As of this evening, we finished rolling out the latest version of Spaces. Whether you or your friends are checking out what your Messenger contacts have been up to, organizing your lists, navigating around your space, or setting up a space, the latest Spaces release has a lot of new features.
Spaces home page updates 
We've made some slight changes to the design of your Spaces home page so it's even easier to see what your Messenger contacts are doing with their spaces.   We've also added birthday reminders!


To see birthday notifications, first share your contact information and then subscribe to a contact's information.  You can subscribe to contact information through Spaces, Messenger, or Hotmail.

  • Spaces:  Roll over a person's profile picture and in the preview window, click on the “Receive contact updates” link
  • Messenger:  Right-click a contact, click “Edit contact”, and check “Subscribe to updates for this contact”
  • Hotmail:  Click Contacts in the lower lefthand corner, “Edit contact”, and check “Receive contact updates from this person”

If your contacts have entered their birthday information, you'll see their upcoming birthdays on your Spaces home-page, and you'll be able to send them an electronic greeting card from MSN Greetings powered by American Greetings  (currently only available in the US market).

The What’s New feature is what I've been spending my time on recently and I'm glad to see it getting more visibility in the user experience especially since as Mike Torres said, there is some more goodness coming soon to this feature. :) 

Categories: Social Software | Windows Live

Yesterday I got offered an opportunity to interview Vint Cerf just before he gave his talk entitled Tracking the Internet into the 21st Century (link is to video of the talk) at Google's Kirkland offices. I got to ask the questions I blogged about yesterday and also learned about some of Vint Cerf's interests in Nigeria. Below are the questions I asked and his paraphrased answers to my questions.

Yesterday I got offered an opportunity to interview Vint Cerf just before he gave his talk entitled Tracking the Internet into the 21st Century (link is to video of the talk) at Google's Kirkland offices. I got to ask the questions I blogged about yesterday and also learned about some of Vint Cerf's interests in Nigeria. Below are the questions I asked and his paraphrased answers to my questions.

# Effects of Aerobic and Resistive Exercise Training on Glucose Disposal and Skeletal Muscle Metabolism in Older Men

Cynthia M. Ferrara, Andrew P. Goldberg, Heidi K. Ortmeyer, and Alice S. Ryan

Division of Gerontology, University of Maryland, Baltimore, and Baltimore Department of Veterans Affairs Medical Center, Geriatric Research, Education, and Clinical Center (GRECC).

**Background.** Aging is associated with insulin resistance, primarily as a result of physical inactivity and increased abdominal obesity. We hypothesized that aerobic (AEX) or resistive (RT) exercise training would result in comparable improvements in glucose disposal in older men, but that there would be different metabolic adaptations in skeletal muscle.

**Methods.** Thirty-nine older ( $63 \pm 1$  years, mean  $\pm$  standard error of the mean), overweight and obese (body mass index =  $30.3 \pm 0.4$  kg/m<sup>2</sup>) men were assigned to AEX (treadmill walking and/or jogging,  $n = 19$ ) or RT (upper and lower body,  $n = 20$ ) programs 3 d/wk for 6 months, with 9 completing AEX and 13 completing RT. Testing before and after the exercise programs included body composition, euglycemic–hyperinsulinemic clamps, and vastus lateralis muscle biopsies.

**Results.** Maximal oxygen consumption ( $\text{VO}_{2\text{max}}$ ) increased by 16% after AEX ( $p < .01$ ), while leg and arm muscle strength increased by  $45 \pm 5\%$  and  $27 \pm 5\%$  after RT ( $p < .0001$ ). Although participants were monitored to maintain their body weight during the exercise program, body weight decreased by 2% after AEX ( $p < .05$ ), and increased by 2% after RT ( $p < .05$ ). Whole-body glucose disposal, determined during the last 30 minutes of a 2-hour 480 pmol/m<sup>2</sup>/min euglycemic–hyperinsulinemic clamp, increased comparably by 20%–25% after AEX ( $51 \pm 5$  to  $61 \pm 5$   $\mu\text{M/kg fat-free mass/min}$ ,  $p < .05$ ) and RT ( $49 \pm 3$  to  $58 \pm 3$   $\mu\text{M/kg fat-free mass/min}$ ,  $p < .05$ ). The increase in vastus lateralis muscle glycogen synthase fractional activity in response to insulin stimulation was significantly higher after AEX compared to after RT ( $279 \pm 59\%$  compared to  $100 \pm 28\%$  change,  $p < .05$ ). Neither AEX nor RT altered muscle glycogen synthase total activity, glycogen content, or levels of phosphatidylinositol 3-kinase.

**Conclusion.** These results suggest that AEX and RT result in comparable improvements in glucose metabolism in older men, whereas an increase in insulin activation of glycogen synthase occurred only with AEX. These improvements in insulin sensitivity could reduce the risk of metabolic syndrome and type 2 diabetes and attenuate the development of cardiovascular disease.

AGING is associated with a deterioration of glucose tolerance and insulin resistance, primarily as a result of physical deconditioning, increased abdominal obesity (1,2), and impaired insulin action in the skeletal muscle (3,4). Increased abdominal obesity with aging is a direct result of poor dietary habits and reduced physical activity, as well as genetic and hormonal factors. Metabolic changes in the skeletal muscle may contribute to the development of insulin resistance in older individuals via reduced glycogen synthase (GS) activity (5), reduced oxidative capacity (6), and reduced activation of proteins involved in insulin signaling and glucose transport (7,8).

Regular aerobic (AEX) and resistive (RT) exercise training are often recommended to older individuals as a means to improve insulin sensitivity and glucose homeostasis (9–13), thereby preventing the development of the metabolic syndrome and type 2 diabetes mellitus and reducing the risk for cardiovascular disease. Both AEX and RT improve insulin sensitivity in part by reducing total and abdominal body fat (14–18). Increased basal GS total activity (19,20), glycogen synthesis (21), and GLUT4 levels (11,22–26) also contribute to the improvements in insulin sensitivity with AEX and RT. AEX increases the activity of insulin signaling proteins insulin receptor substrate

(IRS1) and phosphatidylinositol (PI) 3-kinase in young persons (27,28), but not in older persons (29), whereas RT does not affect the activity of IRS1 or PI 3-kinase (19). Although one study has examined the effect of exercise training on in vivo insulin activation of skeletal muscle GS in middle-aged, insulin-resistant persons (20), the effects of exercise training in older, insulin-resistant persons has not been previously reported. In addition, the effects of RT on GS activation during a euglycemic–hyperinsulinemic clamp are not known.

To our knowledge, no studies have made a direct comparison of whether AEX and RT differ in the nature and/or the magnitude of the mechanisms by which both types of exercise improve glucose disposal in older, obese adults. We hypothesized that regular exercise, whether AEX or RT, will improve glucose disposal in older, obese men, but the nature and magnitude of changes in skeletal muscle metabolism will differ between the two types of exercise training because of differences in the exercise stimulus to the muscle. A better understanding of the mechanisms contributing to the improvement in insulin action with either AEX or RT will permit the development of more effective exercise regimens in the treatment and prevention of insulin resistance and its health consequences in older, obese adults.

Q: Why did he decide to leave MCI, a company steeped in networking technology, to join Google, an advertising and search engine company, as Chief Internet Evangelist

A: The job title was not his doing. Larry, Sergey and Eric told him they wanted him to continue his efforts in encouraging the growth of the Internet around the world and thought the title "Chief Internet Evangelist" best fit this position. There are 6.5 billion people on the planet today yet there are only 1 billion people on the Internet. Google would like to see the other 5 billion people on the Internet because the more people there are using the Internet, the better it is for Google. This is why the company needed a "Chief Internet Evangelist".

Vint Cerf spends a significant portion of his time encouraging implementations of the Internet. He travels all over the world meeting with senior government officials (presidents, ministers of information, etc) to recommend Internet friendly policies, discourage the rise of monopolistic or closed networks and encourage domestic/foreign investments in fledgling markets where Internet usage hasn't taken off. For example, he is working with some charitable entities to donate solar powered Internet cafes to businesses in Nigeria to encourage the usage of the Internet in remote or underprivileged parts of the country.

One aspect of the Internet's growth which he didn't pay much attention to at first but does now is Internet enabled mobile phones. It is estimated that there will be 3 billion people with mobile phones by the end of the year. That is 3 billion people who could all be connected to the Internet, if Internet connectivity became ubiqitous on mobile devices within a few years.

Looking back at the past few years, it is clear that adding more users to the Internet increases the quantity and diversity of information on the Web. This trend has been hastened by the rise of the consumer as producer. We now have people who would be traditionally considered to be consumers producing content on blogs, video sharing sites like YouTube, and creating social networks on sites like Orkut and Facebook. Another interesting trend is the rise of virtual worlds like World of Warcraft and Second Life. In these worlds users are creating interesting economic and sociological experiments with fascinating consequences (e.g. gold farming in China). In fact, some college professors are encouraging their students to join these sites to test out economic and sociological theories in ways that simply weren't feasible in the past. An interesting idea would be to see if we could create virtual objects which were associated with and could influence objects in the real world. For example, a virtual university where the electron microscopes and telescope actually displayed image data from electron microscopes and telescopes in the real world. Maybe as an optimization we could cache large amounts of the astronomical data so multiple instances of the virtual telescope could be used at once but only rarely would the physical telescope have to be used so there wasn't resource contention. Given that Google already has already started partnering with NASA to store and process large amounts of astronomical data this may be something that the company could be interested in trying out in the future.